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Some research has found that there are some cues that may be correlated with deceptive communication, but scholars frequently disagree about the effectiveness of many of these cues to serve as reliable indicators.

Noted deception scholar Aldert Vrij even states that there is no nonverbal behavior that is uniquely associated with deception.

Deception itself is intentionally managing verbal or nonverbal messages so that the message receiver will believe in a way that the message sender knows is false. Intent differentiates between deception and an honest mistake.

The Interpersonal Deception Theory explores the interrelation between communicative context and sender and receiver cognitions and behaviors in deceptive exchanges.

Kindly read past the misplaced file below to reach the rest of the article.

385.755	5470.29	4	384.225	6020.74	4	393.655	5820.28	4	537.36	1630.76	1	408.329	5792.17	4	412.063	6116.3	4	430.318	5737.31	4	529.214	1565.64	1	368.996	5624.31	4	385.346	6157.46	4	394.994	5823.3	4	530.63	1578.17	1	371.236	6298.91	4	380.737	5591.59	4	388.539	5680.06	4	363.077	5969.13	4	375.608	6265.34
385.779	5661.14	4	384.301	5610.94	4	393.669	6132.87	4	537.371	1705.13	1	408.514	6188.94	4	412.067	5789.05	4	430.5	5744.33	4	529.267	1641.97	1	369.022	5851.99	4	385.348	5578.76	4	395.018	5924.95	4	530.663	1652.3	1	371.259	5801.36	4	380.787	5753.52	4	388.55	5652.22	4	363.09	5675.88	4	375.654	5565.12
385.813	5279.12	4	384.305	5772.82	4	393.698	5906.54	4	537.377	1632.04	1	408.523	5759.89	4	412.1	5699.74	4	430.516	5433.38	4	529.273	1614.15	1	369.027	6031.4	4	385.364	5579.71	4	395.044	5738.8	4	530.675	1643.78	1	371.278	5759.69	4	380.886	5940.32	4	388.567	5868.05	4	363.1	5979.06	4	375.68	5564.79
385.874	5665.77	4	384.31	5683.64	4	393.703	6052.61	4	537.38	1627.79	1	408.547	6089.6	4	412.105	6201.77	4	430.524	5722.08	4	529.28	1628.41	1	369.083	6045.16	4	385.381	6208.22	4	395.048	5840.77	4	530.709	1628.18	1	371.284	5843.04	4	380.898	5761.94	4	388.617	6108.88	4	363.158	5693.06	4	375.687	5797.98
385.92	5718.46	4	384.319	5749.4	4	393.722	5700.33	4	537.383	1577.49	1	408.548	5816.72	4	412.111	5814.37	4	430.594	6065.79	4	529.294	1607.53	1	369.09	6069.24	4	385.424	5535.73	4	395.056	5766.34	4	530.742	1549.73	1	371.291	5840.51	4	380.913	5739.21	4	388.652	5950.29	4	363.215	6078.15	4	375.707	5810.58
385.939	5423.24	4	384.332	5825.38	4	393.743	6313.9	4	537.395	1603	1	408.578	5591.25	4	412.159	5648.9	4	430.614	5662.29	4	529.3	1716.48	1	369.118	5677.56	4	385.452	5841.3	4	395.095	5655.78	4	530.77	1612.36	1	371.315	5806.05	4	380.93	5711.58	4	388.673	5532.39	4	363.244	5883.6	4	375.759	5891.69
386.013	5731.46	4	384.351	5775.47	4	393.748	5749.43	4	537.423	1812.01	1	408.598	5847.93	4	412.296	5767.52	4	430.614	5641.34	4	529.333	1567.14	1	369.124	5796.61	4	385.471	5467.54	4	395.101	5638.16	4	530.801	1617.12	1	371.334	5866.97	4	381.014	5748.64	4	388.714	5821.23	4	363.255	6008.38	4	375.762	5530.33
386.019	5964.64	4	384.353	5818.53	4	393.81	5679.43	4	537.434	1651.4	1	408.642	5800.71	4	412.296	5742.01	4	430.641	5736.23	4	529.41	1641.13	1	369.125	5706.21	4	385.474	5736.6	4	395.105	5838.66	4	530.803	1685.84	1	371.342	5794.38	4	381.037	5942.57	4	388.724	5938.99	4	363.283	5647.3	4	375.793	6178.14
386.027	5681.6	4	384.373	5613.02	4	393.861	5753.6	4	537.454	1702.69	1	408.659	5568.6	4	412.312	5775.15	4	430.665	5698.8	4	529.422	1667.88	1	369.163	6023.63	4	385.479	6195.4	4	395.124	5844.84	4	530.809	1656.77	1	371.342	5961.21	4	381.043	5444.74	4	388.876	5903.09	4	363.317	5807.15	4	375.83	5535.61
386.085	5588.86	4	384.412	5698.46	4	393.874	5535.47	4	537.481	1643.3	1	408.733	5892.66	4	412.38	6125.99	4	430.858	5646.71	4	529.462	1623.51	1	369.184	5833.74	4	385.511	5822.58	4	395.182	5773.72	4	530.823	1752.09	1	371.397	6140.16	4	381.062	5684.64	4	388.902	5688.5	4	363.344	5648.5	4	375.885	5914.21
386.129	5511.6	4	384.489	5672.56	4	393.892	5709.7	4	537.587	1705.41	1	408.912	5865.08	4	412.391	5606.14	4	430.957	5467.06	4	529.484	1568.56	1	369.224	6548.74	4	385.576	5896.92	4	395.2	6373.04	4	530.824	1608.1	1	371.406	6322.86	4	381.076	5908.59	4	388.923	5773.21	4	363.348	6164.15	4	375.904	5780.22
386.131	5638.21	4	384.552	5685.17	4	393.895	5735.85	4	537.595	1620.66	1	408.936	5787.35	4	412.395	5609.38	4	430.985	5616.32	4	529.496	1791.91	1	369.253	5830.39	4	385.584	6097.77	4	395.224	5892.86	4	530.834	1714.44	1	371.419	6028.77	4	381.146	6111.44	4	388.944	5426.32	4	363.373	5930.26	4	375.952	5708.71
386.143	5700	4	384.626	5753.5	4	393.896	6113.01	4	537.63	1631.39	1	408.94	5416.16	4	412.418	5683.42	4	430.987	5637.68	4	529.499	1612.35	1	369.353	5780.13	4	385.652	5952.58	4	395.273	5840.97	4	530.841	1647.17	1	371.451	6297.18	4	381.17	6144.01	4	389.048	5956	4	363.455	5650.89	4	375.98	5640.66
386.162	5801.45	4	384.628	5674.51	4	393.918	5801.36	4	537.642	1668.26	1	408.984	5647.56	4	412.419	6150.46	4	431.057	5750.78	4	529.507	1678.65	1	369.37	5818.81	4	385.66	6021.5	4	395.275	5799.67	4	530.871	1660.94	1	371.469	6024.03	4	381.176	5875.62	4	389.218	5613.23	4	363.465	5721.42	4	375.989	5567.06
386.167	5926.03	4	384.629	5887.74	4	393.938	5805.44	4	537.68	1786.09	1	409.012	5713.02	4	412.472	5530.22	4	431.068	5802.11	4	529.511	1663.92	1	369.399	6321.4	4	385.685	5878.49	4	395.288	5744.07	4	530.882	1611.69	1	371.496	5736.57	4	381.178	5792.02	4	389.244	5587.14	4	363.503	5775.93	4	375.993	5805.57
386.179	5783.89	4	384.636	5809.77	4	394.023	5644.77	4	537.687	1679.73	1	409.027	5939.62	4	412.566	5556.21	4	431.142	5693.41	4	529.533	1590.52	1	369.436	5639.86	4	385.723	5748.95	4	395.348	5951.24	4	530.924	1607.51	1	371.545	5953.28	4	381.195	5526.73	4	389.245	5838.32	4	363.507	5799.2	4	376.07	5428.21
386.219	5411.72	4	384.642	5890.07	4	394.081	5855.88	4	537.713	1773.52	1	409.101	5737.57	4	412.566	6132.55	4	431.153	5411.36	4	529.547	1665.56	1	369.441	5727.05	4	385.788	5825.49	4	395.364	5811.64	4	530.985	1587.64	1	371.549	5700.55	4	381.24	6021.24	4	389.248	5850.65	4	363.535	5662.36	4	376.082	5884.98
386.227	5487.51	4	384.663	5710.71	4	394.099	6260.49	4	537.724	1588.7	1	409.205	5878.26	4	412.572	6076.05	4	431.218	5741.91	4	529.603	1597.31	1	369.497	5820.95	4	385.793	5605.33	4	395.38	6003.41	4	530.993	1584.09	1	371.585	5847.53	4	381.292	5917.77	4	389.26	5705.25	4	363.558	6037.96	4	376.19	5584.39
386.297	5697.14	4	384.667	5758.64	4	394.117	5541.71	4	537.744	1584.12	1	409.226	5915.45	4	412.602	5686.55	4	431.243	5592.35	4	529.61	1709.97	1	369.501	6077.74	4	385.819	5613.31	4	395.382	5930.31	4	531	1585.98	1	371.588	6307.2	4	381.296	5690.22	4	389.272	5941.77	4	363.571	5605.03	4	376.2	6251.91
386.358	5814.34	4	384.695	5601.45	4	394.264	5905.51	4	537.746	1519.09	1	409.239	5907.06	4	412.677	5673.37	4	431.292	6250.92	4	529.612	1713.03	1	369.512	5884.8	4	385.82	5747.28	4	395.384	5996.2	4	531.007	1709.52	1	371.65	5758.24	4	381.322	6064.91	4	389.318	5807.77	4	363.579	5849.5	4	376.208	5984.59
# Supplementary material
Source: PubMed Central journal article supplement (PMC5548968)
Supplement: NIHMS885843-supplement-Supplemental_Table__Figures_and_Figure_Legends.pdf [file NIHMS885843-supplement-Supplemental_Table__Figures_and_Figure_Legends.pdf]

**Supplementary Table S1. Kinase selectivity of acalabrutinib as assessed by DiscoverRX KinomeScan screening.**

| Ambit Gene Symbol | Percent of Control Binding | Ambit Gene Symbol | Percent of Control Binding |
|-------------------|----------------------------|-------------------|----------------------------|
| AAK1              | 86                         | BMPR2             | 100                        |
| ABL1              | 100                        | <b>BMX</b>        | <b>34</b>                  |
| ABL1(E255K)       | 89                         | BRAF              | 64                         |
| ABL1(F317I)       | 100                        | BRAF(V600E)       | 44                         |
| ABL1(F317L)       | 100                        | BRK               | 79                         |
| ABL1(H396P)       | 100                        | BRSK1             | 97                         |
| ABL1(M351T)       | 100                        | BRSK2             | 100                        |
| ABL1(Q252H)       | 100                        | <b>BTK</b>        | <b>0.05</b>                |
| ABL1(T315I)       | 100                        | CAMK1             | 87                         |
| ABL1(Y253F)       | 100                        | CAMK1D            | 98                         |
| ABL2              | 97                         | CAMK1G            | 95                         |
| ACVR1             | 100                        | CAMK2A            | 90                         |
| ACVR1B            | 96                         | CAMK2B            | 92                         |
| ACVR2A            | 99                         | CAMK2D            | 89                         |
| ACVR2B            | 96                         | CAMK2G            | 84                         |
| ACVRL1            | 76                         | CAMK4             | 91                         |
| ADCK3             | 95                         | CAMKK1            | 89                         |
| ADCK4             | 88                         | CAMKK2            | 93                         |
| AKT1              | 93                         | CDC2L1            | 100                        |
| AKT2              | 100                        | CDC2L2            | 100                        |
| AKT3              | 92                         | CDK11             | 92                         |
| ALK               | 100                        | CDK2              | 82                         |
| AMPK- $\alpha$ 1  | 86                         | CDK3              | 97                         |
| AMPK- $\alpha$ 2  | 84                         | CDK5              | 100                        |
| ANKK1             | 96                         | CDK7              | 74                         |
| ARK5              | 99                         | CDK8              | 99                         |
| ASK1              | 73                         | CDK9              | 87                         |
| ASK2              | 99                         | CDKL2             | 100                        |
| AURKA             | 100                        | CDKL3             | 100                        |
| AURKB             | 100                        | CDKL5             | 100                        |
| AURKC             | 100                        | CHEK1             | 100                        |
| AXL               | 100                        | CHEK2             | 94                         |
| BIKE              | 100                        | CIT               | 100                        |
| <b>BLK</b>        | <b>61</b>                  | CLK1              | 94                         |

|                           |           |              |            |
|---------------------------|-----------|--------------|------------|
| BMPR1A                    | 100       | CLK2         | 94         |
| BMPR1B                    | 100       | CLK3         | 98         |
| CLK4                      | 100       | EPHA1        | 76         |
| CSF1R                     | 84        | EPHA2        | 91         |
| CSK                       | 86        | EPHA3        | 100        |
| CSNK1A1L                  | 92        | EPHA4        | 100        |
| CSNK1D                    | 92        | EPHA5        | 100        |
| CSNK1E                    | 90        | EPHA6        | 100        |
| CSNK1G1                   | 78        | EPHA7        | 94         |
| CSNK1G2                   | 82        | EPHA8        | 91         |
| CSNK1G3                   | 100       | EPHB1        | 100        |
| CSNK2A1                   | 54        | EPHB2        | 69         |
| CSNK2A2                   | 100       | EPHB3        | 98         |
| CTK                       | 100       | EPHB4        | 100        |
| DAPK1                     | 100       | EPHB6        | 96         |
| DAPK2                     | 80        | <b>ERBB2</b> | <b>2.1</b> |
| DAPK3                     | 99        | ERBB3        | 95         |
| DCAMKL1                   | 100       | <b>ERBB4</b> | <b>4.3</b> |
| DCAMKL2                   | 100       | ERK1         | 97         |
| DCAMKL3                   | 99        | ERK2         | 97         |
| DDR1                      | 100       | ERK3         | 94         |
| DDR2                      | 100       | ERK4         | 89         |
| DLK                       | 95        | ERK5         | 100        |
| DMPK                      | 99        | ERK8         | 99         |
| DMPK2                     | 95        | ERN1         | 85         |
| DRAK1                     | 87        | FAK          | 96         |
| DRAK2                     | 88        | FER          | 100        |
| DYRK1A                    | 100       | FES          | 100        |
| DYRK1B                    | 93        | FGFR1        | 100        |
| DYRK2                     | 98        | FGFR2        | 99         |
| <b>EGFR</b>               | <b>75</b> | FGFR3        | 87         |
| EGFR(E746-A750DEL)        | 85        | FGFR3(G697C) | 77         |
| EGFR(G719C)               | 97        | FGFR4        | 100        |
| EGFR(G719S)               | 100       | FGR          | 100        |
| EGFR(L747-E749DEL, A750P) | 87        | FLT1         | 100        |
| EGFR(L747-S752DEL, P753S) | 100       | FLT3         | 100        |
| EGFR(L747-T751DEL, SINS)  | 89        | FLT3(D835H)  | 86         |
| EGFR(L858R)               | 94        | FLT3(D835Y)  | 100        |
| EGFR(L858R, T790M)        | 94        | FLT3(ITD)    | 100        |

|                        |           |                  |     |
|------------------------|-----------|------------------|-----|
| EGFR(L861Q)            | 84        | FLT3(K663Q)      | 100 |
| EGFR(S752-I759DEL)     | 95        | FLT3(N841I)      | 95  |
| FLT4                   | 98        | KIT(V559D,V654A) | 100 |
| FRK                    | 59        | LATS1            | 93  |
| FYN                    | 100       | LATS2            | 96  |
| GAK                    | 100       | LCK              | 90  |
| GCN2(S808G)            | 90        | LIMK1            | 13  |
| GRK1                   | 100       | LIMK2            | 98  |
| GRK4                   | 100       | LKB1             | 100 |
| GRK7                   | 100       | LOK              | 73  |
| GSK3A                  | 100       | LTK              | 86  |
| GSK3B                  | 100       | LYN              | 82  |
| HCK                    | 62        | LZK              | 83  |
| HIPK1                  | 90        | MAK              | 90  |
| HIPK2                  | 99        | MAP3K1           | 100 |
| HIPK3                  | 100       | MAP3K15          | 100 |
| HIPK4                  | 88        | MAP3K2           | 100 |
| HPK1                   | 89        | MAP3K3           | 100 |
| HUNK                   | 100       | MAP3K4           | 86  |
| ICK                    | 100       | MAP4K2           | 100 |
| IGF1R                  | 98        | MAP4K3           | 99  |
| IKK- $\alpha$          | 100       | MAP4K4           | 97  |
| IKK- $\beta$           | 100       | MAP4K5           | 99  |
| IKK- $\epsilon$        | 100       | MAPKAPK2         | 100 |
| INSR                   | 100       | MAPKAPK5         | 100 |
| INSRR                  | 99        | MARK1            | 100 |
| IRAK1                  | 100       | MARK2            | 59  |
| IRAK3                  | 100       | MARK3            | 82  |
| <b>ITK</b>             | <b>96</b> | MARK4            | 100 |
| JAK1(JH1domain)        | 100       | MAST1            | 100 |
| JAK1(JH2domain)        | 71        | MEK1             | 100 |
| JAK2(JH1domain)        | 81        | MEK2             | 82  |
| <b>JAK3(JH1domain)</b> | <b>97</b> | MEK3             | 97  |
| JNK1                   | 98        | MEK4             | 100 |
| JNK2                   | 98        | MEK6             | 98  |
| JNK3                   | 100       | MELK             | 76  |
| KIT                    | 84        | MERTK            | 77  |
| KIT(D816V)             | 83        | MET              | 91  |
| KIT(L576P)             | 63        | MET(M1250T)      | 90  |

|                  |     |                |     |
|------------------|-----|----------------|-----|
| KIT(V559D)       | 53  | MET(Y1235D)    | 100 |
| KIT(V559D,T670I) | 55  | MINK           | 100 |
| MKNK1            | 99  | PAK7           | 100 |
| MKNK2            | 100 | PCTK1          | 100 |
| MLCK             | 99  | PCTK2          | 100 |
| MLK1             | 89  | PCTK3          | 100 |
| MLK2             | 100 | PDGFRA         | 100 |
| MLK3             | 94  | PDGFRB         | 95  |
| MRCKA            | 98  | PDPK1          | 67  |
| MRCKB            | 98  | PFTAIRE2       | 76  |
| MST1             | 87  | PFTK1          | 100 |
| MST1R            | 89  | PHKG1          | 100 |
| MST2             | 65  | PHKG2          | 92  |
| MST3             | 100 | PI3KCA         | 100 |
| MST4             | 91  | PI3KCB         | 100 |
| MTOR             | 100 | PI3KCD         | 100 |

Vrij found that examining a "cluster" of these cues was a significantly more reliable indicator of deception than examining a single cue.

Lying requires deliberate conscious behavior, so listening to speech and watching body language are important factors in detecting lies.

Fear specifically causes heightened arousal in liars, which manifests in more frequent blinking, pupil dilation, speech disturbances, and a higher pitched voice.

The liars that experience guilt have been shown to make attempts at putting distance between themselves and the deceptive communication, producing “nonimmediacy cues” These can be verbal or physical, including speaking in more indirect ways and showing an inability to maintain eye contact with their conversation partners.

As previously stated, a specific behavioral indicator of deception does not exist.

There are, however, some nonverbal behaviors that have been found to be correlated with deception.

In the realm of deceptive half-truths, camouflage is realized by 'hiding' some of the truths.

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